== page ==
“One minute the press will be all over you saying good old Beatle boys. Next year it will be those dirty old scuffs.
“I prefer it when it is nice but the other doesn’t bother me any more.” A shrugging of Beetle shoulders is accompanied by morose Ringo expression.
Can he put his finger on the turning point of what was for a long time a good relationship with the press?
“Drugs,” he answered. “But there was a lot before that. It always has depended on the journalist or the paper, however they felt at the time. They can write a story good or they can write it bad.
“For instance when we were on tour you might find in one paper it was `Beatlemania In Bradford` and in another `Beatle Rioters Smash Up Bradford.’
“Perhaps the reporter came round and tried to get an interview and couldn’t get in, so he went off and wrote it badly. If they managed to get in and we gave them Scotch then it would be good old Beatles doing a grand job for Britain.”
Does he always understand the actions of his fellow Beatles?
“No, I don’t always understand, but then I am in a privileged position of being the person who is probably closest to them and I can go and ask.
“I read the paper like anyone else and I think what’s this, what’s going on? But then I can go and ask them what it’s all about.”
The lady who served our steaks came to tell Ringo that she had a daughter away at school who’d be ever so popular if she had his autograph. Ringo obliged.
What was his reaction to John and Paul’s weddings?
“Fantastic. I heard about Paul’s when he phoned me to tell me and I heard about John through the office. I knew why he went away, that he was going abroad somewhere to marry but I didn’t know where or when.”
On to the cheese and buscuits and talk about his son Zak, who is now nearly four and approaching the age where his schooling must be considered. Ringo expresses interest in Summerhill, the “freedom” school. “I hated my schooldays,” he says suddenly. No, he wouldn’t send his son to public school, unless he asked to go himself.
Time to die
Twenty-eight now Ringo enters his thirtieth year in July. When I was 18 I thought that was the time to die. But the old thing is true about being as old as you feel. I don’t feel old and I don’t think I look my age. It doesn’t worry me.”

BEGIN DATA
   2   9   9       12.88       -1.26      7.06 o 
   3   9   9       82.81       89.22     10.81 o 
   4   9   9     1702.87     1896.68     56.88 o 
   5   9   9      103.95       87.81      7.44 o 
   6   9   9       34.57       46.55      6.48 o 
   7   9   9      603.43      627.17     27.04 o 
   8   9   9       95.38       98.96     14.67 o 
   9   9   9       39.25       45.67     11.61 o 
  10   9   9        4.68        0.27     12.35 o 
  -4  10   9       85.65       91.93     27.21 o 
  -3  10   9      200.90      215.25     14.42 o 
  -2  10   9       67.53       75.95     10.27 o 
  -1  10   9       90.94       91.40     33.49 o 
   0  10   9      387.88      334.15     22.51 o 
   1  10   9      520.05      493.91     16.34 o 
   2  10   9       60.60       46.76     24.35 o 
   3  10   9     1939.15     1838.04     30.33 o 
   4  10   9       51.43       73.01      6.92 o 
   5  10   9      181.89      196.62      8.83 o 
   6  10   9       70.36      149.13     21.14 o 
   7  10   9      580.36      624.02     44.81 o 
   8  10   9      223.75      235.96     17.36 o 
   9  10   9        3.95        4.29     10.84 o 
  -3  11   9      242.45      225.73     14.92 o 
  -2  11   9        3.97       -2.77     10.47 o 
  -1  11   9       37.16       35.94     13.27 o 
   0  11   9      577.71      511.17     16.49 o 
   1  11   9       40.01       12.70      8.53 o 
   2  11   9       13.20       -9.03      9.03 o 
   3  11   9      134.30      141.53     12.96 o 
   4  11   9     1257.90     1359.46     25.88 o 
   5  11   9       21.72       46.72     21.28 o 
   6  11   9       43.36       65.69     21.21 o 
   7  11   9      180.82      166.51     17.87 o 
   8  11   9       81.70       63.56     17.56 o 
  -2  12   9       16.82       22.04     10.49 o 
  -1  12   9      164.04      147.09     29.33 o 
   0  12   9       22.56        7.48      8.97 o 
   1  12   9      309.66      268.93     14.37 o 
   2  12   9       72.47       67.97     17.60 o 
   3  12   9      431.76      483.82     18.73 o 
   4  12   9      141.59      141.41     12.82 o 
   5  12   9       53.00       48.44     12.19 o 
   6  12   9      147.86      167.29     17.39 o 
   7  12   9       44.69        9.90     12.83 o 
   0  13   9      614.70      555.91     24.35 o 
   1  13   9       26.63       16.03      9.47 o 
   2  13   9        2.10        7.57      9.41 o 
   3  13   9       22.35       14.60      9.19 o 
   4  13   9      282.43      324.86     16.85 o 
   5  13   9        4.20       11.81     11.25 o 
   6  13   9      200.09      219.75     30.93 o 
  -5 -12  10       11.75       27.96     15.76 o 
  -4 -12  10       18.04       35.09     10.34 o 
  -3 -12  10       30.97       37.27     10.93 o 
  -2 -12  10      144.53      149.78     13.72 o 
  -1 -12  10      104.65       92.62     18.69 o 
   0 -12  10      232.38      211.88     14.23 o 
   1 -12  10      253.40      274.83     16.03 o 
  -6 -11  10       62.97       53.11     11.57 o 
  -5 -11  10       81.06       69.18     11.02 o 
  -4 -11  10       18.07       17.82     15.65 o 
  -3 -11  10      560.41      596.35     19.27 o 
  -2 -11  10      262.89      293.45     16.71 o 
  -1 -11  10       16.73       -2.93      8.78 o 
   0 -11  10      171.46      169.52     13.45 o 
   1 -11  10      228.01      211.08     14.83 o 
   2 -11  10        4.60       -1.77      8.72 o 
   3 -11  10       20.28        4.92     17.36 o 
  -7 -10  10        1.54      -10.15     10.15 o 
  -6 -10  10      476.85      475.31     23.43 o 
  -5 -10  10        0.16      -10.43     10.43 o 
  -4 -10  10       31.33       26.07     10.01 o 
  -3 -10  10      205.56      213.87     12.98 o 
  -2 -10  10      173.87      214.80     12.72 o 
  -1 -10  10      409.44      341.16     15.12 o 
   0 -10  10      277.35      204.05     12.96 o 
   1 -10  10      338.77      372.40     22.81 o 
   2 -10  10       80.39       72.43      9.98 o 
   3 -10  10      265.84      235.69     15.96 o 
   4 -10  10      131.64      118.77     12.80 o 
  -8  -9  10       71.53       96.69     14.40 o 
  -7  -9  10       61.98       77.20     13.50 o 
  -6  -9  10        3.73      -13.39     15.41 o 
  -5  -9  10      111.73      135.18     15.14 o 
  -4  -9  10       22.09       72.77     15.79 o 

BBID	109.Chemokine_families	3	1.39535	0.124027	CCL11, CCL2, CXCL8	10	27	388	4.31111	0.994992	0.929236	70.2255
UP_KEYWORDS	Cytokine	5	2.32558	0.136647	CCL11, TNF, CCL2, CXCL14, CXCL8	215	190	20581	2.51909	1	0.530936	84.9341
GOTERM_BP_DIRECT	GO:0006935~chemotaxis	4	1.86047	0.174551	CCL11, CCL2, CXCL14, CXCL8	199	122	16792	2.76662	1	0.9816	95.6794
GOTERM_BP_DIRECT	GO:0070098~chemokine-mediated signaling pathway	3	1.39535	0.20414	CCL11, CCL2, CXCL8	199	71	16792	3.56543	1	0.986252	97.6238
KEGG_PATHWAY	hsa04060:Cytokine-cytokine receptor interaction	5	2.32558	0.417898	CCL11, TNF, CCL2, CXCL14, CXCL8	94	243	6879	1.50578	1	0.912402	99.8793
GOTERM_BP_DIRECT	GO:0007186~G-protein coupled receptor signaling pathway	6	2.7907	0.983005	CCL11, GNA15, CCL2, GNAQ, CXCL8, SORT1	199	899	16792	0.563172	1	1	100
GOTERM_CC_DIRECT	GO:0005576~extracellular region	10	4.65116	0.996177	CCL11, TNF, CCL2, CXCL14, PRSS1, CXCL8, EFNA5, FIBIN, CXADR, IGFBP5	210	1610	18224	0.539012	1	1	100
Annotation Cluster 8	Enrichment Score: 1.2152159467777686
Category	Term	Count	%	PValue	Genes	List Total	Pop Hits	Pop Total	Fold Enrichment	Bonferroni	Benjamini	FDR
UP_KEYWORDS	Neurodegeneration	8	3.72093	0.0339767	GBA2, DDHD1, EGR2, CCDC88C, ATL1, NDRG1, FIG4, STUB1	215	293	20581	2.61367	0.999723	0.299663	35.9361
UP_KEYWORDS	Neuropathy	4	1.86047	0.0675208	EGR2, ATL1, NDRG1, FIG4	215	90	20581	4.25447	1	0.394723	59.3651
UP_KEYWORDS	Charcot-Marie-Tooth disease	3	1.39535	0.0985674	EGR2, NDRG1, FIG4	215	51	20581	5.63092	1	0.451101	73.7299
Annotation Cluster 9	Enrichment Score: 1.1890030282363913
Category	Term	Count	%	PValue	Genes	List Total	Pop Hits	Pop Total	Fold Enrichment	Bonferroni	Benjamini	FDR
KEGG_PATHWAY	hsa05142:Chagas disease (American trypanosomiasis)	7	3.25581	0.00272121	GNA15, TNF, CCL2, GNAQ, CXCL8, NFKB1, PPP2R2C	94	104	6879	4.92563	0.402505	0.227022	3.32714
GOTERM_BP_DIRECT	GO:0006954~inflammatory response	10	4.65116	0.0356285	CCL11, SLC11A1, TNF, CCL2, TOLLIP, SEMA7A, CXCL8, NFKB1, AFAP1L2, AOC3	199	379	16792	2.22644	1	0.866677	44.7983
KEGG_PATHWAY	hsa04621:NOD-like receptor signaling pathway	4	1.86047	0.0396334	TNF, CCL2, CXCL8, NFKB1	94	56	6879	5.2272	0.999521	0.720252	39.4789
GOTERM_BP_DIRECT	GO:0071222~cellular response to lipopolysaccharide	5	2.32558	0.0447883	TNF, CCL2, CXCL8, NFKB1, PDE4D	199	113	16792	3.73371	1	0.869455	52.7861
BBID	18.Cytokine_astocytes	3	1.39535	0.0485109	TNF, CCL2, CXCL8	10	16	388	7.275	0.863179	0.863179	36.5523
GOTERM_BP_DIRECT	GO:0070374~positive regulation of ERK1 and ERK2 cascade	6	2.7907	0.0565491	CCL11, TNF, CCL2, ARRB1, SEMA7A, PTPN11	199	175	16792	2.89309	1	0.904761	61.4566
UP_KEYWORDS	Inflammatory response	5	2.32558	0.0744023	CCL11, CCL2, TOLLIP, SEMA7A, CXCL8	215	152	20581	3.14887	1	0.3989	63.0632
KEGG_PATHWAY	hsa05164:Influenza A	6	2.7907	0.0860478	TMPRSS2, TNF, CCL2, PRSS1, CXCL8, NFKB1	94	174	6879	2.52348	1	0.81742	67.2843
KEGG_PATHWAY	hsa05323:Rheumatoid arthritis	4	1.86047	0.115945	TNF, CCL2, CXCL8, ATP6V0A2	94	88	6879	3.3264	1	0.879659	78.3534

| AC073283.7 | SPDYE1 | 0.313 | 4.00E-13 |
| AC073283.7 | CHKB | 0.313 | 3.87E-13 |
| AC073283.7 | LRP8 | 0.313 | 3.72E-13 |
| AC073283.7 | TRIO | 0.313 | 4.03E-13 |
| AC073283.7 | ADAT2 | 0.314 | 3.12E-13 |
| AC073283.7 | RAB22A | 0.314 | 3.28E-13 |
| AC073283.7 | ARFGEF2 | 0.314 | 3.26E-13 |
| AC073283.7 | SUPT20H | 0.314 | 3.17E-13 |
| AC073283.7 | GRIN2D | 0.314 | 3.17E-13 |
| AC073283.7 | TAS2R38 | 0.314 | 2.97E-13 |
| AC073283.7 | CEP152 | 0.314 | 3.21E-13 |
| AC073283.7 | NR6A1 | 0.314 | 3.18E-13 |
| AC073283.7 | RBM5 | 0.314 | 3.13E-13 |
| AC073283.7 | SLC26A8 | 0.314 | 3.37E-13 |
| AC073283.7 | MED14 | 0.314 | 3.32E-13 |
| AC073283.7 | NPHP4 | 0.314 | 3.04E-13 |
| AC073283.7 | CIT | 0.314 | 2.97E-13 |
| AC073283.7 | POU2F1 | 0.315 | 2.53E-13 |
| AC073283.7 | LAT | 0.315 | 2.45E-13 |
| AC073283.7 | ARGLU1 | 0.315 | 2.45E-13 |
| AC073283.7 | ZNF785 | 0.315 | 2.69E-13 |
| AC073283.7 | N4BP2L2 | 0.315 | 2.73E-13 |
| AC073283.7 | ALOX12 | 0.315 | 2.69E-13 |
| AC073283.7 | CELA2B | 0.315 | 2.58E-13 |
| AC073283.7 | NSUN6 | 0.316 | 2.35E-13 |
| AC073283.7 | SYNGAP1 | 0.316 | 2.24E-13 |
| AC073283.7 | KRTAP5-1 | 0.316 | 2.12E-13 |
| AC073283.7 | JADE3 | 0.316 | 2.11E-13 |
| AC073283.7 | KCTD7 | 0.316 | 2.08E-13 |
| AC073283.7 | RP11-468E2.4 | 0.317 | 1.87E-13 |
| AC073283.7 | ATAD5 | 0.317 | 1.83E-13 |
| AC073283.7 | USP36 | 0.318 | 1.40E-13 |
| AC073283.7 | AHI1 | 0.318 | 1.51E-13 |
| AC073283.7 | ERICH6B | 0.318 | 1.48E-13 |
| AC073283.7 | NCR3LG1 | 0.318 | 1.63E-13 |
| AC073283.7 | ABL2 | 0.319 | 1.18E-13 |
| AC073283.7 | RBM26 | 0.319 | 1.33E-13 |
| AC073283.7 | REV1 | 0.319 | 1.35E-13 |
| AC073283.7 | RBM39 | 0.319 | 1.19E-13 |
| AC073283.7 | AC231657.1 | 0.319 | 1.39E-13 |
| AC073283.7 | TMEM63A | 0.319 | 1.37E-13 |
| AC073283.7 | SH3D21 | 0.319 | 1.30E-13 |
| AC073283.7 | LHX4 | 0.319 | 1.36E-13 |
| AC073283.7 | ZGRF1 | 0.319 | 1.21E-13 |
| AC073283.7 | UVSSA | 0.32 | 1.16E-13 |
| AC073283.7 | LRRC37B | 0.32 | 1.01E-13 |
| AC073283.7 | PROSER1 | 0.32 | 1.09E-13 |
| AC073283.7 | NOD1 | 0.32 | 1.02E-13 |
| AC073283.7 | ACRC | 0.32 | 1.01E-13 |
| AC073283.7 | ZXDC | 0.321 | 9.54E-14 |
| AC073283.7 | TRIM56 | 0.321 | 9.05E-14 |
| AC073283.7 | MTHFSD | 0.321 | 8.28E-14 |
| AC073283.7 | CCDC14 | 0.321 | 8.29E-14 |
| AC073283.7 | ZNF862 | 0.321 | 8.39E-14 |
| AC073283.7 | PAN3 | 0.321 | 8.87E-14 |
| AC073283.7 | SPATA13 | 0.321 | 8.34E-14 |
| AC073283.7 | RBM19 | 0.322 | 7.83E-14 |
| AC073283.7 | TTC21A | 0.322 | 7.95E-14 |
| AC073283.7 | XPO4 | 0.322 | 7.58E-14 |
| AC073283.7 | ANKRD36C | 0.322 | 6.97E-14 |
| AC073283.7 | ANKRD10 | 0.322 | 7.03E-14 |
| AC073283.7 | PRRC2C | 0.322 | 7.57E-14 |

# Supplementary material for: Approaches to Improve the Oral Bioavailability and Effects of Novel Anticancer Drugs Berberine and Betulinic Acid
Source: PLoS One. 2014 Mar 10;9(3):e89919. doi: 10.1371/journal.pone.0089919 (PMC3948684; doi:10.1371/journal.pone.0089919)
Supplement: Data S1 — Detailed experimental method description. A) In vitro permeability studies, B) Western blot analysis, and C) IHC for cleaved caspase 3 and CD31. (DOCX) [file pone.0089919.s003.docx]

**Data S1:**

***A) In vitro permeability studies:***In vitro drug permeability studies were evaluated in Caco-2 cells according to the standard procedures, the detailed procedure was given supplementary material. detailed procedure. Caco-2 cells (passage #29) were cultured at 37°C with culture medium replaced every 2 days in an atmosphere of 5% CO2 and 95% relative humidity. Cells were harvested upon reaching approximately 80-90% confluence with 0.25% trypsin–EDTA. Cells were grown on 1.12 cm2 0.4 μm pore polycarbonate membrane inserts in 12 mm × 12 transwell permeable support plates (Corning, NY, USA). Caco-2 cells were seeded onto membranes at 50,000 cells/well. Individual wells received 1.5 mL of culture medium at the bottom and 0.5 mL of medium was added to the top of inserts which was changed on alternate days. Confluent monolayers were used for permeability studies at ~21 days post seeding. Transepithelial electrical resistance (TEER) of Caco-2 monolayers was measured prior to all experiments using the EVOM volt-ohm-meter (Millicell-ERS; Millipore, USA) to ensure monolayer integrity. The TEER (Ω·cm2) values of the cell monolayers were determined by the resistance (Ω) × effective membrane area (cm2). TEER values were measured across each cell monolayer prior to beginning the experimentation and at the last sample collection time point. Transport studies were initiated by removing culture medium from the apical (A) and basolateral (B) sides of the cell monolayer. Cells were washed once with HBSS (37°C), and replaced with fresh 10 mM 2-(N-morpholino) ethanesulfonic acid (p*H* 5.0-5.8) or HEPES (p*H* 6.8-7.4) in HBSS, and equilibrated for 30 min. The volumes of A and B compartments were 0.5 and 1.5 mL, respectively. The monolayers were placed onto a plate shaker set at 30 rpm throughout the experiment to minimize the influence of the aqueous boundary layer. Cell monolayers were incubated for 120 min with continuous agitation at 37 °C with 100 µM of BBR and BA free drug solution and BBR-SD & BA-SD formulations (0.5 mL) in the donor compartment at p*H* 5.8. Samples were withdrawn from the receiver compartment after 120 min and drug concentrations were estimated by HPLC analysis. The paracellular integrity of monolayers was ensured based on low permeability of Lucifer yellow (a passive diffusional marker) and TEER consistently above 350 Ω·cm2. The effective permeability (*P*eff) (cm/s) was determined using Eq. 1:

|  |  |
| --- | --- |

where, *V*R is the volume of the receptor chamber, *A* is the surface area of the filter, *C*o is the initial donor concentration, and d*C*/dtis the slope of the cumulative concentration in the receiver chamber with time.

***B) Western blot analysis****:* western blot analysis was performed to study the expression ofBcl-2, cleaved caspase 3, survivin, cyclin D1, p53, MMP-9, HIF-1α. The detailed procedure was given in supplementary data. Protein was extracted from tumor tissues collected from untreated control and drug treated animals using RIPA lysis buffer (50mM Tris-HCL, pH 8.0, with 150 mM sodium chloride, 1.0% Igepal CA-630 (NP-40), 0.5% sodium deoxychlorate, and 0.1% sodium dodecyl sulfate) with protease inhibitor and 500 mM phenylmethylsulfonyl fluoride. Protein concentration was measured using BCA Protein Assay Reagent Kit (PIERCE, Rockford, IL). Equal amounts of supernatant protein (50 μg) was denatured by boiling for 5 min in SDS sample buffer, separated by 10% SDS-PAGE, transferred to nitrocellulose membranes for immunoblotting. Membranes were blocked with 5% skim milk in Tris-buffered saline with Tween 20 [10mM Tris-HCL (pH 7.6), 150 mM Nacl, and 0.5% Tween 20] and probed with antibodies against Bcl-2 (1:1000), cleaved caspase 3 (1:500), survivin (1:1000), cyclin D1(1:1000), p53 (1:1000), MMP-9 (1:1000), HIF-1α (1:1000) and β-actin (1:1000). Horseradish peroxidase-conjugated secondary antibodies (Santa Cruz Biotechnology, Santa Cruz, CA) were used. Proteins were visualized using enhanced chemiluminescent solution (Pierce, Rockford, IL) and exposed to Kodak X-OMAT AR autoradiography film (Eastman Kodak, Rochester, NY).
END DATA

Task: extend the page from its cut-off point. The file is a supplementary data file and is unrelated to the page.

His role in “Candy,” he feels, came off well but he adds that in that and in “Magic Christian” he is largely playing himself. His next film, he hopes, will see Ringo develop as an actor who can sustain a totally different character for 90 minutes.
He doesn’t find acting particularly difficult. “`Candy’ was the test and I thought it was easy, so I felt confident to accept this one.”
A film featuring all the Beatles is now closer than it’s been for a long while, he says, because for the first time all four have agreed that they should do one.
It is now just a question of the right script — which won’t be easy. “Everything that has come up has been ‘Hard Day’s Night’ or `Help’ and the casting was like in those films.
“It was just the four-lads-rags-to-riches thing in different forms. John would be witty, Paul would be pretty, I would be shy and George would be George.
“If we do one Paul and I should be baddies. Why? Because no one would expect Paul and I to be naughty.
“People really have tried to type cast us. They think we are still little mop tops and we are not.”
Current Beatle work involves the completion of their next LP and among the several tracks so far recorded is one by Ringo titled “In An Octopus’s Garden (Or I Would Like To Live Up A Tree).”
Virtually certain to be their next single is “Get Back,” which features organist Billy Preston.
What’s it like?
“Paul takes lead vocal and you can say it’s a lovely little toe-tapper.”
With an infectious beat that’ll get your feet tapping?
“Yes,” says Ringo grinning. If you can sit down when this one is on says Ringo Starr then you’re a stronger man than I am.
“Put that in. It`ll give me a smile when I read it. It’ll make me happy.”
Lovable shake of moptop head.